tifty, &c. It made its progress into Wales, Next year the Prince and Princess became Scotland, and Ireland, where it was performed King and Queen, and Gay was to be great and twenty-four days successively. The ladies carhappy; but upon the setilement of the house- ried about with them the favourite songs of it hold he found himself appointed gentleman. in fans, and houses were furnished with it in usher to the Princess Louisa. By this offer he screens. The fame of it was not confined to thought himself insulted, and sent a message to the Author only. The person who acted Polly, the Queen, that he was too old for the place. till then obscure, became all at once the favourThere seem to have been many inachinations ite of the town; her pictures were engraved, and employed afterwards in his favour; and diligent sold in great numbers; her life written, books court was paid to Mrs. Howard, afterwards of letters and verses to her published, and Countess of Suffolk, who was much beloved by pamphlets made even of her sayings and jests. the King and Queen, to engage her interest for Furthermore, it drove out of England (for that his promotion; but solicitations, verses, and season, the Italian opera, which had carried all flatteries, were thrown away; the lady heard before it for ten years.” them, and did nothing.
Of this performance, when it was printed, the All the pain which he suffered from the ne- reception was different, according to the differglect, or as he perhaps termed it, the ingratitude ent opinion of its readers. Swift commended of the court, may be supposed to have been it for the excellence of its morality, as a piece driven away by the unexampled success of the that“ placed all kinds of vice in the strongest “Beggars' Opera.” This play, written in ridi- and most odious light;" but others, and among cule of the musical Italian drama, was first of them Dr. Herring, afterwards Archbishop of fered to Cibber and his brethren at Drury Lane, Canterbury, censured it as giving encourageand rejected ; it being then carried to Rich, had ment not only to vice, but to crimes, by making the effect, as was ludicrously said, of making a highwayman the hero, and dismissing him at Gay rich, and Rich gay.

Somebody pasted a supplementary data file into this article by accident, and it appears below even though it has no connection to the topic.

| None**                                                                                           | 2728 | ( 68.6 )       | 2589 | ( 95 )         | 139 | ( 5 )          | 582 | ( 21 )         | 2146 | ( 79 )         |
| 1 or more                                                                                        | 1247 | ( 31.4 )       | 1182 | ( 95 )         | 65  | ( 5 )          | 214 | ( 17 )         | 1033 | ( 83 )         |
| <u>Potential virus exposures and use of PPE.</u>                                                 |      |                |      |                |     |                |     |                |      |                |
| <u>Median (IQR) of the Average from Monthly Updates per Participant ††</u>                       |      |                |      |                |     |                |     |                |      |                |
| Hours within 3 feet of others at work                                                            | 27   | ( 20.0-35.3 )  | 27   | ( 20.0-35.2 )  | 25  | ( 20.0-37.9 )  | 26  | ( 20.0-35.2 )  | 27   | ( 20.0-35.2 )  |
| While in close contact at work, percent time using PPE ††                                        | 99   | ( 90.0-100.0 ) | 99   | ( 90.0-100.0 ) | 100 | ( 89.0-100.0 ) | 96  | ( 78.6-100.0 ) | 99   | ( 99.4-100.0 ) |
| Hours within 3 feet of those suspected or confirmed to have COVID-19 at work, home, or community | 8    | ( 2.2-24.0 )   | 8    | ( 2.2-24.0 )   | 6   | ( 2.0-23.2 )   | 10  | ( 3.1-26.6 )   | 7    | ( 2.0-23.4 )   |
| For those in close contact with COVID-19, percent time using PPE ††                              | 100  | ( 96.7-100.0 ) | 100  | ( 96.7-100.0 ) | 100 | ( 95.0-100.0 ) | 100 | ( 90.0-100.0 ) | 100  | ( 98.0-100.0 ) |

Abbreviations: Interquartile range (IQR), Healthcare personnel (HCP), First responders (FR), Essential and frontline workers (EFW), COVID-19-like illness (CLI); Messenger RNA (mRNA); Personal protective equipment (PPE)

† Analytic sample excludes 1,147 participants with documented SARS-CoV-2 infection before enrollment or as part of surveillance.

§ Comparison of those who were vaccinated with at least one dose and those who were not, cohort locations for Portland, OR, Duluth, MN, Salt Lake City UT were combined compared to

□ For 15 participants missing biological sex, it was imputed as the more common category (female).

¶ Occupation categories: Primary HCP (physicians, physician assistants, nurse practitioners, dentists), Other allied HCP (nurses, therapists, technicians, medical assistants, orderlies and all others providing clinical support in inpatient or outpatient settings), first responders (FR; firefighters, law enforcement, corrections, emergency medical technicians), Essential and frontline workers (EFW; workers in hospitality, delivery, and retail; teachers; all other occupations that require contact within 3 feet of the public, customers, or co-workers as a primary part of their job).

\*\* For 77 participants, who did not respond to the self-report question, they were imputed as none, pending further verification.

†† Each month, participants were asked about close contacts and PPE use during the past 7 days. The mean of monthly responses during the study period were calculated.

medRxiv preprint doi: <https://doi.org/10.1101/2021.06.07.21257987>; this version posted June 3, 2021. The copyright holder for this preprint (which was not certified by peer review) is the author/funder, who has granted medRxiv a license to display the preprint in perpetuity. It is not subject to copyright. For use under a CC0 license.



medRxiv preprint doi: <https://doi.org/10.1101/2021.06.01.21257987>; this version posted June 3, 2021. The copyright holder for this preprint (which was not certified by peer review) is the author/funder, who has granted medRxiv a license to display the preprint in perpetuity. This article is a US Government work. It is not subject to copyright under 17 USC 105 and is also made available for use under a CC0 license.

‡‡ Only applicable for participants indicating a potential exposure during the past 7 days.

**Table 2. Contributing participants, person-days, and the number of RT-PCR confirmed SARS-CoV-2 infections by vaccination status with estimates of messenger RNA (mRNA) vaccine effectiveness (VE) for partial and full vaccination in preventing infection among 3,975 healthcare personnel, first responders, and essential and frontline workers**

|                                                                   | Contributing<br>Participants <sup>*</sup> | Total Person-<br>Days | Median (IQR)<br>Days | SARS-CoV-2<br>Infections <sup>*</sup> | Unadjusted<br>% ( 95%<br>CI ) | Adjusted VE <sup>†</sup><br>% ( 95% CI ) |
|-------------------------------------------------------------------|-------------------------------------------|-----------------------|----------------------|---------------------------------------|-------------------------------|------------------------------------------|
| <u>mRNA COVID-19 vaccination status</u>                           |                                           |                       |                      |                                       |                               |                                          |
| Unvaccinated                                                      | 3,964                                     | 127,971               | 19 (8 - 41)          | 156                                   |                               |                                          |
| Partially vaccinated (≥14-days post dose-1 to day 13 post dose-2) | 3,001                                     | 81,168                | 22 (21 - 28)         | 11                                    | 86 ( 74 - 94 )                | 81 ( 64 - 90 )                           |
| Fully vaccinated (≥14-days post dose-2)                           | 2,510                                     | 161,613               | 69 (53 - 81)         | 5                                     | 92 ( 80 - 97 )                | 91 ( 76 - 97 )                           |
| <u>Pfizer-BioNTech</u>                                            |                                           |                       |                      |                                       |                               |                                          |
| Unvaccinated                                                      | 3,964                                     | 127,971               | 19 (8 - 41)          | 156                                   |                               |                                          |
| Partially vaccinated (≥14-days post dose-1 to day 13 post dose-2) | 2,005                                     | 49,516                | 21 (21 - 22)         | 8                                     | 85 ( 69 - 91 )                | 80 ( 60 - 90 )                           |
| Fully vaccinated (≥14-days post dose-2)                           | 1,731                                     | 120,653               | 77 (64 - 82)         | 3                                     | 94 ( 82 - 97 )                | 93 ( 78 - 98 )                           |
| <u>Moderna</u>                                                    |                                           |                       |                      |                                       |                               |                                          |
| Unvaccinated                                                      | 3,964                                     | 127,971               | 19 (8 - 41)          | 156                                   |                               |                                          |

last unpunished. It has been even said, that Of this lucky piece, as the reader cannot but after the exhibition of the “Beggars' Opera," wish to know the original and progress, I have the gangs of robbers were evidently multiplied. inserted the relation which Spence has given in
Both these decisions are surely exaggerated. Pope's words.
The play, like many others, was plainly written "Dr. Swift had been observing once to Mr. only to divert, without any moral purpose, and Gay, what an odd pretty sort of a thing a New- is therefore not likely to do good; nor can it be gate pastoral might make. Gay was inclined conceived, without more speculation than life to try at such a thing for some time; but after requires or admits, to be productive of much wards thought it would be better to write a co-evil. Highwaymen and housebreakers seldom medy on the same plan. This was what gave frequent the playhouse, or mingle in any elegant rise to the ‘Beggars' Opera.' He began on it; diversion; nor is it possible for any one to and when first he mentioned it to Swift, the imagine that he may rob with safety, because Doctor did not much like the project. As he he sees Mackheath reprieved upon the stage. carried it on, he showed what he wrote to both
This objection, however, or some other, ra
ther political than moral, obtained such preva* It was acted seven nights. The Author's third night lence, that when Gay produced a second part was by command of their Royal Highnesses. -R. under the name of “Polly,” it was prohibited
by the Lord Chamberlain; and he was forced
“Fan” is one of those mythological fictions to recompense his repulse by a subscription, which antiquity delivers ready to the hand, but which is said to have been so liberally bestowed, which, like other things that lie open to every that what he called oppression ended in profit. one's use, are of little value. The attention naThe publication was so much favoured, that turally retires from a new tale of Venus, Diana, though the first part gained him four hundred and Minerva. pounds; near thrice as much was the profit of His “Fables" seem to have been a favourite the second.*